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Back to School and the Jacket of Perfectionism

This August finds me in a place I haven’t been in almost two decades, back in school. I’m adjusting back to this rhythm of packing my lunch, late nights doing homework and spending what feels like a monthly mortgage payment on books. I brace myself for all the new information I’m encountering through readings, group projects and discussions with my classmates. Its a bit like drinking from a firehose; and I love it. I love the energy on college campuses, between meeting new people and being wooed by new ideas, for a learner like myself, it's thrilling!

But being back in this school environment also makes me feel like I’m young again, similar to how you might feel like a teenager once again when visiting your parent’s house as an adult. As I sit down in that all-too-familiar chair that also has a small writing desk attached to it, I feel like I’m stepping into a time machine.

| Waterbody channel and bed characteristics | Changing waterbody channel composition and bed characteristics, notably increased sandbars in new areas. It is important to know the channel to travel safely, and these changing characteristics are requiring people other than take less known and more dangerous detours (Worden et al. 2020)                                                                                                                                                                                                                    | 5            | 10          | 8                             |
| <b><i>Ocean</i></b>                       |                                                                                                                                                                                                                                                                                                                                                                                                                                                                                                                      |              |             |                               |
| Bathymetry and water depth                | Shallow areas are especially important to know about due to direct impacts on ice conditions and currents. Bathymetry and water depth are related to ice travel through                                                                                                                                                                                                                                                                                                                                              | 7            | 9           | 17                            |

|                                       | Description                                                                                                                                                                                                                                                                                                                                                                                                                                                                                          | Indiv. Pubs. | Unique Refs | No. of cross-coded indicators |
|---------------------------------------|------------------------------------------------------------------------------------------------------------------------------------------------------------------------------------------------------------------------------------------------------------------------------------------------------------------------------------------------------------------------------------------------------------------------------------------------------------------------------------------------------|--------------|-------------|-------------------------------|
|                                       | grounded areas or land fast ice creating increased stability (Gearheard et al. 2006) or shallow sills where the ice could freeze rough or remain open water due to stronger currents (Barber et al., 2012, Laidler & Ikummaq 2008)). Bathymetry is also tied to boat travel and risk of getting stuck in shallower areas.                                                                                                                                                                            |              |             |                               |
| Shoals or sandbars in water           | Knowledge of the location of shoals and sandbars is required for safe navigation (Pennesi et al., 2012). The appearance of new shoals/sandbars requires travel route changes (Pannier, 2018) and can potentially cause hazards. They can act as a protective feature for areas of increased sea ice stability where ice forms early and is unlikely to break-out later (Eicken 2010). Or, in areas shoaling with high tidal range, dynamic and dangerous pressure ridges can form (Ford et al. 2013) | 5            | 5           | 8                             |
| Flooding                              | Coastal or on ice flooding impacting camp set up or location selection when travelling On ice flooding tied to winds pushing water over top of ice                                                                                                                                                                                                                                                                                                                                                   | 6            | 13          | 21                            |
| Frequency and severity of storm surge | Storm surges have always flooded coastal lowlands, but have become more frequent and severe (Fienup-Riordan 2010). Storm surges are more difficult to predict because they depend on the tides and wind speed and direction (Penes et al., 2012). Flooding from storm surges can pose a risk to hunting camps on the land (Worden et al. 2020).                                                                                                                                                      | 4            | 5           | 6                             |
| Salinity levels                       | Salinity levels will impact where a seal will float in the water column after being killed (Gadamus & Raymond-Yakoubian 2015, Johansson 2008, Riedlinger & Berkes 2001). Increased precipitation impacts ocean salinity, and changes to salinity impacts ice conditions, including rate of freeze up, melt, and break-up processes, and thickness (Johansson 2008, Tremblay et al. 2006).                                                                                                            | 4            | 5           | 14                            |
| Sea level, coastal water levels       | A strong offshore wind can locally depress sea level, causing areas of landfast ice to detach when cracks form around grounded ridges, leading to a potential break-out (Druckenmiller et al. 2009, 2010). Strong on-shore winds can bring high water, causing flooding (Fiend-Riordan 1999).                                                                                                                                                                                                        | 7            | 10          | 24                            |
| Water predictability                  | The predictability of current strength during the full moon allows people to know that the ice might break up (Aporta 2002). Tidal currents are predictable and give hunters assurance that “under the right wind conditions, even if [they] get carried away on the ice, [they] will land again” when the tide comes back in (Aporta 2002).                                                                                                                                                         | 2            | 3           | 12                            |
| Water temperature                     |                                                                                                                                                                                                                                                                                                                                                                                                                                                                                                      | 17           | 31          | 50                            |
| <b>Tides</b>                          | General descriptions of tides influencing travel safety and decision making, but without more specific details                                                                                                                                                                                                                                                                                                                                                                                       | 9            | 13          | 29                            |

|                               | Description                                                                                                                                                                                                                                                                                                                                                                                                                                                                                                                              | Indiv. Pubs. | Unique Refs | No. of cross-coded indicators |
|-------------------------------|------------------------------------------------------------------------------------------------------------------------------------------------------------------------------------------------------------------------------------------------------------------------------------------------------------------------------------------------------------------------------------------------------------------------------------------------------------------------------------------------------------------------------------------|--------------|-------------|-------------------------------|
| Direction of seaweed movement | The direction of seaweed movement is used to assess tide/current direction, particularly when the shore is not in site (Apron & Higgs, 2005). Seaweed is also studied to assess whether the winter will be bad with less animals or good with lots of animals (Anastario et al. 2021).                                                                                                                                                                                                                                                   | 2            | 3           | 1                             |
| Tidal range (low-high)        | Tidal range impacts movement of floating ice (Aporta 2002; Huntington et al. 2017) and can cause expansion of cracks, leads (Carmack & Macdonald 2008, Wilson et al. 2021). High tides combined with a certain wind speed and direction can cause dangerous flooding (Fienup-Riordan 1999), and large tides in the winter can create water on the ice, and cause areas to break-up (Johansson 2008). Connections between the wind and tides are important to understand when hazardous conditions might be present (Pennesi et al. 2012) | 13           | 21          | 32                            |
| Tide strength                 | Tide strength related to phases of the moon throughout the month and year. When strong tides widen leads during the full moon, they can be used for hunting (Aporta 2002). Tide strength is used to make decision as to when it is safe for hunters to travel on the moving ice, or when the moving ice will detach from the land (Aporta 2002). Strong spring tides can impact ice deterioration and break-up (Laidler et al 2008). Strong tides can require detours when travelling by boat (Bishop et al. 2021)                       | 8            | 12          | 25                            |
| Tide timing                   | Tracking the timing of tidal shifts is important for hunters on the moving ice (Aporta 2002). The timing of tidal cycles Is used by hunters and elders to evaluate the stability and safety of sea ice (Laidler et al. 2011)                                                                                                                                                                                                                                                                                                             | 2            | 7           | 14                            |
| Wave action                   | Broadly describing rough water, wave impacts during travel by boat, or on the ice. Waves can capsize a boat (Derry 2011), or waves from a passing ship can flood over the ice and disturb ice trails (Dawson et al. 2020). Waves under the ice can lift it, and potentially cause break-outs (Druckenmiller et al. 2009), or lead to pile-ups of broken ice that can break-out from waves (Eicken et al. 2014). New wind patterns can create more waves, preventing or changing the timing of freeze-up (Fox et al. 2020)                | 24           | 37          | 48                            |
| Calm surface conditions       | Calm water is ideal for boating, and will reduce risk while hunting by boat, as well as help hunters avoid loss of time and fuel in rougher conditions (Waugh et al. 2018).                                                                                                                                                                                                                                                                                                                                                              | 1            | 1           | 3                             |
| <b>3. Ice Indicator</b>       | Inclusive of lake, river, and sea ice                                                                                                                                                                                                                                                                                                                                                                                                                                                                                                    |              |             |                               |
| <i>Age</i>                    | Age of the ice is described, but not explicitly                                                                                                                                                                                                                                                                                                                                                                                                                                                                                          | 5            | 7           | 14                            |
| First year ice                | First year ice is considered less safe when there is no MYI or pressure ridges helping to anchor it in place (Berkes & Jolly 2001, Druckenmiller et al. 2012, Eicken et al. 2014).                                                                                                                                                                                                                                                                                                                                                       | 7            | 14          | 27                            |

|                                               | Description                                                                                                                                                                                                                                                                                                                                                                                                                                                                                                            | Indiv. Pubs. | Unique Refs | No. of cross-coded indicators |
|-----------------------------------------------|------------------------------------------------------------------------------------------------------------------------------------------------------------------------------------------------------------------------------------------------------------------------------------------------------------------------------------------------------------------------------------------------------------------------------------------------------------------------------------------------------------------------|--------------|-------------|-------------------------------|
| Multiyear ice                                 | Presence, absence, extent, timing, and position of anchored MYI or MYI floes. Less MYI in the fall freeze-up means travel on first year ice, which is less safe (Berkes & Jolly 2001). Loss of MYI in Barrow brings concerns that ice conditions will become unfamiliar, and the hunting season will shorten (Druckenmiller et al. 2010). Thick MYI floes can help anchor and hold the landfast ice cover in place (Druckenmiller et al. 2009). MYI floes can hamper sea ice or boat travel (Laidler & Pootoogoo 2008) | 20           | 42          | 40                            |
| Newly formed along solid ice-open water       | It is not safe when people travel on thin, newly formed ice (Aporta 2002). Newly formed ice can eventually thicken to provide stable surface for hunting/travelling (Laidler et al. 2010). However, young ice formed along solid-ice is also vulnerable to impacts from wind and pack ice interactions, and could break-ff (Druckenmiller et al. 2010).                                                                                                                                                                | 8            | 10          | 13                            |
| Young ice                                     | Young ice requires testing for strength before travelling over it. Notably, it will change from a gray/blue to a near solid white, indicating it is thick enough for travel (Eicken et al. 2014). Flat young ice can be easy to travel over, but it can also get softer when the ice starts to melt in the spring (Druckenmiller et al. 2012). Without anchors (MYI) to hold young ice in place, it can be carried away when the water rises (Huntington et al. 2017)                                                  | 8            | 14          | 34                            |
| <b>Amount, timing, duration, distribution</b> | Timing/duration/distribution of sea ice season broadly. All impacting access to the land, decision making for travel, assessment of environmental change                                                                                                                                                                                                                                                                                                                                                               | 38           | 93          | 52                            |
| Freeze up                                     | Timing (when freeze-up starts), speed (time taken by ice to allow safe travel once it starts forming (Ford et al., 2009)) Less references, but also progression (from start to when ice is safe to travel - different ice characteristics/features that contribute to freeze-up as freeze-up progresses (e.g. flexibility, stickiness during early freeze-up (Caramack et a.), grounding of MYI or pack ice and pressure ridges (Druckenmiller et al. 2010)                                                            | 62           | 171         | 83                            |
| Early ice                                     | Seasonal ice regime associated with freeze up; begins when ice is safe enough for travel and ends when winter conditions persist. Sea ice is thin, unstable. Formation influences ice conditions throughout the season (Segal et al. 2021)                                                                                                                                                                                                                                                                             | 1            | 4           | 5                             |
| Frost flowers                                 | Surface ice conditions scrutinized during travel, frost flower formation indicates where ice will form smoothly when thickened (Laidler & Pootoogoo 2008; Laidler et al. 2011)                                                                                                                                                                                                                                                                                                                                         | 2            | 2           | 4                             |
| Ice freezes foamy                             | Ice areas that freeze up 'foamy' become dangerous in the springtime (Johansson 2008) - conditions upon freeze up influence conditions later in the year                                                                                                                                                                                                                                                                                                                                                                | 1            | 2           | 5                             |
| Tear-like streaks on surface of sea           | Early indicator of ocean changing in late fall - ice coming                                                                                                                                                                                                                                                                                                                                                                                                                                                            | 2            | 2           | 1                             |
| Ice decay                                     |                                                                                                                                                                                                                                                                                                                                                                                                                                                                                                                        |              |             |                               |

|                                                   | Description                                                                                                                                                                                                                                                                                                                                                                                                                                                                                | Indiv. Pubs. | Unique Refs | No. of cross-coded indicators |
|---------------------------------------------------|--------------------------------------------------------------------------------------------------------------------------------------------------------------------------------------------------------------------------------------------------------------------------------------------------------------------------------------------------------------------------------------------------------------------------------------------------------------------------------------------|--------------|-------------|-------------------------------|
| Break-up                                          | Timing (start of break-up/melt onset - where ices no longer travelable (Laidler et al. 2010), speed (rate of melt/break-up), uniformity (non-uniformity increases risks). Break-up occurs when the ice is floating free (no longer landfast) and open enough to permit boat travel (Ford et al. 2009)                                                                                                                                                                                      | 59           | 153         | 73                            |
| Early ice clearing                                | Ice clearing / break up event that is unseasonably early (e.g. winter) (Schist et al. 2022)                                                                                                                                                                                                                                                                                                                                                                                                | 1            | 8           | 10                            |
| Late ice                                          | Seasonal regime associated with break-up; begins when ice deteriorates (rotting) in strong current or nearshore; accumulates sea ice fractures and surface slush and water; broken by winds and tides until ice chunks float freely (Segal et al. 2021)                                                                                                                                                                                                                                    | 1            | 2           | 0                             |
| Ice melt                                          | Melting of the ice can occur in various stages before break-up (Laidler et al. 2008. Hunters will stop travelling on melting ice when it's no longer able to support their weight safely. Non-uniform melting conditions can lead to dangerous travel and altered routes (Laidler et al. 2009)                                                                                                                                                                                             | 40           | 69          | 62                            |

You see, as a kid, I was a good student - good grades, got along with others, always the “pleasure to have in class” kid, you know? I made sure never to mess up. Perfectionism was my jam. Perfectionism, for my younger self, was like a jacket that kept me warm and safe in spaces that I didn’t know how to navigate. If I did all my homework, aced every test, got involved in all the clubs, sat in the front row in every class, my small self felt it could control the future. But of course that wasn’t totally true. And as I grew, that jacket of perfectionism that once helped started to feel too tight; it began to restrict my movements. Even though it didn’t fit anymore, I’d still try to put it on from time to time. Throughout my adulthood, for special occasions — trying to get that promotion at work or at high school reunions I’d get that jacket out of the closet and try to squeeze back in. But it would always leave me more frustrated and exhausted.

So here I am, finally deciding that its time to get rid of this jacket. It served me well in my youth but I don’t want it in my wardrobe any longer. I’m embracing that I can’t control everything and its freeing. So if you need me, yeah, I’ll be doing my homework then goofing off with friends.

Now more than ever, can we cut ourselves some slack? Can we allow ourselves to make mistakes? Can we embrace our imperfection? We might be surprised by what we can accomplish when we’re not held back by our perfectionism.

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